San Jose, 8 October 2021 (IICA) – Coordinated efforts in Latin America and the Caribbean are required to overcome African swine fever, given that its recent emergence in the Dominican Republic and Haiti poses a threat to food security throughout the region and to the livelihoods of small and medium-scale producers.
This was the warning made by specialists participating in a webinar organized by the Inter-American Institute for Cooperation on Agriculture (IICA) within the framework of the Caribbean Week of Agriculture 2021.
African swine fever is a highly infectious hemorrhagic disease that affects both domestic and wild pigs and is harmless to humans. The disease had not had any presence in the Western Hemisphere for decades and there is currently no vaccine to combat it.
The disease was last detected in Cuba in 1971 and 1980, in the Dominican Republic in 1978, and in Haiti in 1979. However, cases were confirmed in the Dominican Republic and in Haiti in July and September of this year, respectively. The two countries share the island of Hispaniola in the Caribbean Sea.
The webinar was organized with the aim of raising awareness in the public and private sectors of the importance of investing in surveillance and prevention programs as well as sharing experiences and information regarding how to recognize and prevent the spread of the disease.
The sixteenth edition of the Caribbean Week of Agriculture—inaugurated in Trinidad and Tobago in 1999—was convened to foster consensus-building among key stakeholders on the future of agricultural production and rural life in a subregion that is aiming to reduce its strong dependence on food imports. It is organized by the Caribbean Community (CARICOM), in collaboration with the Caribbean Agricultural Research and Development Institute (CARDI), IICA and FAO.
“African swine fever has spread across several continents in recent years and has now reached the Americas, which could cause severe losses to affected countries in our region, as has already occurred in China and other nations”, stated Gavin Peters of the Caribbean Agricultural Health and Food Safety Agency (CAHFSA).
“What must we do now that we know that the disease is already present in our region? We must work together at the regional level and in each country to implement the necessary surveillance measures. Only then will we succeed in curbing the spread of the disease on the island of Hispaniola and subsequently eradicating it”, he added.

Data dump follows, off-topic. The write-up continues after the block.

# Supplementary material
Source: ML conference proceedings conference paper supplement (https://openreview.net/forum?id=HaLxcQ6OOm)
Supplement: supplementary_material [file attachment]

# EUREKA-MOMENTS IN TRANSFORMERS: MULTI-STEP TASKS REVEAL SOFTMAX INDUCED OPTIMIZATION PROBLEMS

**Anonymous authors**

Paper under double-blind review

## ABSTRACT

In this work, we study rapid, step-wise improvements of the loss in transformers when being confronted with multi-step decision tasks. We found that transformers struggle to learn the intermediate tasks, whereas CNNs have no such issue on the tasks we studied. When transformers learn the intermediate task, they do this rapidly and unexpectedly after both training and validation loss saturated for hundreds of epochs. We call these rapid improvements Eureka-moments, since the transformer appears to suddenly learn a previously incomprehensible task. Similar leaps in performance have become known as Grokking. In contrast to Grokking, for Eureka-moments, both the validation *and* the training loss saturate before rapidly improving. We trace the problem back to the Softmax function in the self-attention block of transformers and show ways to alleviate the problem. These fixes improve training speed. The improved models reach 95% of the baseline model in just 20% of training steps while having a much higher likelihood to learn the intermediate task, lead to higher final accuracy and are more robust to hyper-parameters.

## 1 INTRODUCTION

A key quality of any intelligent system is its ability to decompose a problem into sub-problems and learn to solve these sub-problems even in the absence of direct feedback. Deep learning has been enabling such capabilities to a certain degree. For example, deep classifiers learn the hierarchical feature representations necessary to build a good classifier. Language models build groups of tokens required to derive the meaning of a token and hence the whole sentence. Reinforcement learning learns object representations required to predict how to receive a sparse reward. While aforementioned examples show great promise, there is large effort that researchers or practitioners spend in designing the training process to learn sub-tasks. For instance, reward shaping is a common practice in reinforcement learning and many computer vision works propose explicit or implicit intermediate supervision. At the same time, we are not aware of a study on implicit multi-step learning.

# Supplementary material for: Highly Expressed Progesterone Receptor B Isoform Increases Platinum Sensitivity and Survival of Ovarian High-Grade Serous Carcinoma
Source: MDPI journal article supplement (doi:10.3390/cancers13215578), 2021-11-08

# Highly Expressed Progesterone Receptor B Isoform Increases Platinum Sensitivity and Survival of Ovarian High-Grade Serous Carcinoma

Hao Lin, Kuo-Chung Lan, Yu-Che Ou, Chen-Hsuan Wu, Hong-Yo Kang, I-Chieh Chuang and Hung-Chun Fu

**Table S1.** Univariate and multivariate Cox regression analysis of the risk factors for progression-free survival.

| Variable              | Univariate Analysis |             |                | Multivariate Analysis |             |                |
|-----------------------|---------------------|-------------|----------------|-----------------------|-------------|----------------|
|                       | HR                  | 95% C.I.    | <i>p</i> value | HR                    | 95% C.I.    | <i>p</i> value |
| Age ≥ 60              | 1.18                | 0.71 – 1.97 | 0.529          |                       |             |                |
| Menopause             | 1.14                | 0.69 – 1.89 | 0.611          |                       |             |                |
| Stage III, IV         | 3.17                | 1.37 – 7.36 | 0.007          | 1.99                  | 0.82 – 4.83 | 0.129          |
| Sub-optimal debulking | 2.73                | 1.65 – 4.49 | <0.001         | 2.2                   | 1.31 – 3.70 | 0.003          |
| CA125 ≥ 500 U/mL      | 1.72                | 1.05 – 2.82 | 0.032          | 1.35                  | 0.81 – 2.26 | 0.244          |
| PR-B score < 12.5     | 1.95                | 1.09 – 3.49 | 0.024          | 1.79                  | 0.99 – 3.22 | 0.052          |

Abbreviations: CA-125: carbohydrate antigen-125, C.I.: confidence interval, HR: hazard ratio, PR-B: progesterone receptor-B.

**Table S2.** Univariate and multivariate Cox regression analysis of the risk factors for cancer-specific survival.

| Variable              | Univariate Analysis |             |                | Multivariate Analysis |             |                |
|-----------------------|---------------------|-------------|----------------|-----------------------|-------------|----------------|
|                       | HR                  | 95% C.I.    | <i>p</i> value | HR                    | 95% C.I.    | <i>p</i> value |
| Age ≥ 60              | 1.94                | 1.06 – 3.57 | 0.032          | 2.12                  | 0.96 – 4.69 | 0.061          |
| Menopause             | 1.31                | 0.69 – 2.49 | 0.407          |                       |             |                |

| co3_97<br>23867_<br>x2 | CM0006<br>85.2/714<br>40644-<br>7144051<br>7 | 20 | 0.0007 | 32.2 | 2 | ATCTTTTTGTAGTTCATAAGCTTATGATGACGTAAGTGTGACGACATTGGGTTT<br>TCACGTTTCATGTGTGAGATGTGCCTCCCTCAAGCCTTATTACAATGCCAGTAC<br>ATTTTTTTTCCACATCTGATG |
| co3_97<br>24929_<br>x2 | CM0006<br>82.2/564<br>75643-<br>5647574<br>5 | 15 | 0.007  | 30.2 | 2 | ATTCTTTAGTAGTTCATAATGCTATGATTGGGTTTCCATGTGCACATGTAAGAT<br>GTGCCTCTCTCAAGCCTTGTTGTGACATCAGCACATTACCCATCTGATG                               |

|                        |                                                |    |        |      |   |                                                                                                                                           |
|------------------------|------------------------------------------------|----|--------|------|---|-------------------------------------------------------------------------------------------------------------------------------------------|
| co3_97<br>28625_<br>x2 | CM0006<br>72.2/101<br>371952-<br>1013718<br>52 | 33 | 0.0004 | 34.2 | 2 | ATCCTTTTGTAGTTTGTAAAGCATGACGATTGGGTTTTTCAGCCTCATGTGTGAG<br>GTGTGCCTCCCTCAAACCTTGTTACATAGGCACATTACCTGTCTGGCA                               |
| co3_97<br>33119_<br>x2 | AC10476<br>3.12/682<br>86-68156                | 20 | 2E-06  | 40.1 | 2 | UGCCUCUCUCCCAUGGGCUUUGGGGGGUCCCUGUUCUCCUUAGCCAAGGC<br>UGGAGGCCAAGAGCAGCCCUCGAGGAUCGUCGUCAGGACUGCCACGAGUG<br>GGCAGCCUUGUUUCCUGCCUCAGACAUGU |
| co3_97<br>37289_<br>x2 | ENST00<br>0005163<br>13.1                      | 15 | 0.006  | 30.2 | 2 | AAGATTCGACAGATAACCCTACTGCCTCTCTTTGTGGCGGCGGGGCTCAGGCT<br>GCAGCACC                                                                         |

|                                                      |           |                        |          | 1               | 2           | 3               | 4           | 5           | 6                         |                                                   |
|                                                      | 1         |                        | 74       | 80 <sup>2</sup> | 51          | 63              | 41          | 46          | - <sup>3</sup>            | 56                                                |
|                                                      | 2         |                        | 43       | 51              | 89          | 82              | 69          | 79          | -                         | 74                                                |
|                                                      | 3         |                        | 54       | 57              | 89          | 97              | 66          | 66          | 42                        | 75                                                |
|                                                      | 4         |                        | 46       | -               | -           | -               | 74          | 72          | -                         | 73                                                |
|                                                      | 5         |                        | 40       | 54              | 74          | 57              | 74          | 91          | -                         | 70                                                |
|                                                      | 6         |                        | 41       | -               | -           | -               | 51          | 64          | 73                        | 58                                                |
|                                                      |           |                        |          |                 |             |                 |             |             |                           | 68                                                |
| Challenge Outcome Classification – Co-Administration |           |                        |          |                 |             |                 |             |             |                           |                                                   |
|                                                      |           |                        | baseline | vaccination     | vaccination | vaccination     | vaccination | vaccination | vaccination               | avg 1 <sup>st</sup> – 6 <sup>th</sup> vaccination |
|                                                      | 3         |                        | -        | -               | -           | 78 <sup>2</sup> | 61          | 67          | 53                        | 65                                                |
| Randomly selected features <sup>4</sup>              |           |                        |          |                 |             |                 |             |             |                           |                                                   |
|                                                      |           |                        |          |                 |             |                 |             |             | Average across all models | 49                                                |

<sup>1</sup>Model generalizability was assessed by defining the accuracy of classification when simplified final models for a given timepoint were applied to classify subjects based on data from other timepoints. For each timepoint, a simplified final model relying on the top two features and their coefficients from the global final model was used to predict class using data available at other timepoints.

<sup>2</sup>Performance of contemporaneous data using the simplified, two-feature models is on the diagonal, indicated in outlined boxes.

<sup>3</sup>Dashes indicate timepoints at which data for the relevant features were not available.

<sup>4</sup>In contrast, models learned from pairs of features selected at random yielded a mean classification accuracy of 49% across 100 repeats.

Shaun Baugh, Manager of CARICOM’s Agricultural and Agro-Industrial Development Program, emphasized the “critical importance” of this issue for the food security of Caribbean countries, and called on those involved in swine production to be vigilant in the event of an outbreak.
“This is a past and present issue. We have already sent out communications to all farmers to make them aware of the importance of joining forces and remaining vigilant”, stated Baugh.
Specialist Monica Davis, veterinary officer of the Animal Production and Health Division of the Ministry of Agriculture of St. Vincent and the Grenadines, warned that this disease puts the livelihoods of producers at risk because it has strong consequences on international trade, as it triggers restrictions on affected countries.
Davis urged travelers not to transport pigs or pork products and also urged producers to adopt stricter biosecurity measures than usual to prevent the spread of the disease.
Confirmation, in September, of the presence of African swine fever in Haiti—which was also hit by an earthquake this year—has further aggravated the country’s health and social situation given the technical, financial and logistical resources required to combat the disease, explained Haim Joseph Corvil, Coordinator of the Health Protection Unit of Haiti’s Ministry of Agriculture, Natural Resources and Rural Development.
Corvil thanked IICA for its technical assistance and noted that the large number of measures that Haiti had been adopting to prevent the disease had proven insufficient due to its highly contagious nature. Among other actions, an inter-ministerial prevention commission had been set up, with support from the local IICA Delegation, and the importation of pigs and their by-products from the Dominican Republic had been banned. The expert revealed that the pig population in Haiti comprises about 1,100,000 animals.
The Deputy Director General of IICA, Lloyd Day, underscored the importance of early detection of the disease and, in that regard, reiterated the Institute’s continued commitment to providing countries throughout the region with technical cooperation to improve surveillance systems.
“Providing producers with education and training opportunities is crucial in order to develop the skills required to contain the disease. IICA will continue to work together with stakeholders in the countries to implement programs aimed at protecting food security and our fragile economies”.
Ana Marisa Cordero, Manager of IICA’s Agricultural Health, Safety and Food Quality Program, recalled that, during their meeting on September 1 and 2, the Ministers of Agriculture of the Americas had requested that the Director General of the Institute, Manuel Otero, support the development and execution of binational projects and actions, as well as the implementation of the work plans defined at the subregional level, aimed at eradicating outbreaks and preventing and containing the spread of the virus so that the hemisphere can regain its status as free of African swine fever.
In a joint resolution, the ministers of the Americas noted that the disease “could affect the stability of the pork industry in the Hemisphere, particularly for medium- and small-scale farmers, and therefore, collaboration between official veterinary services and the private sector is imperative”.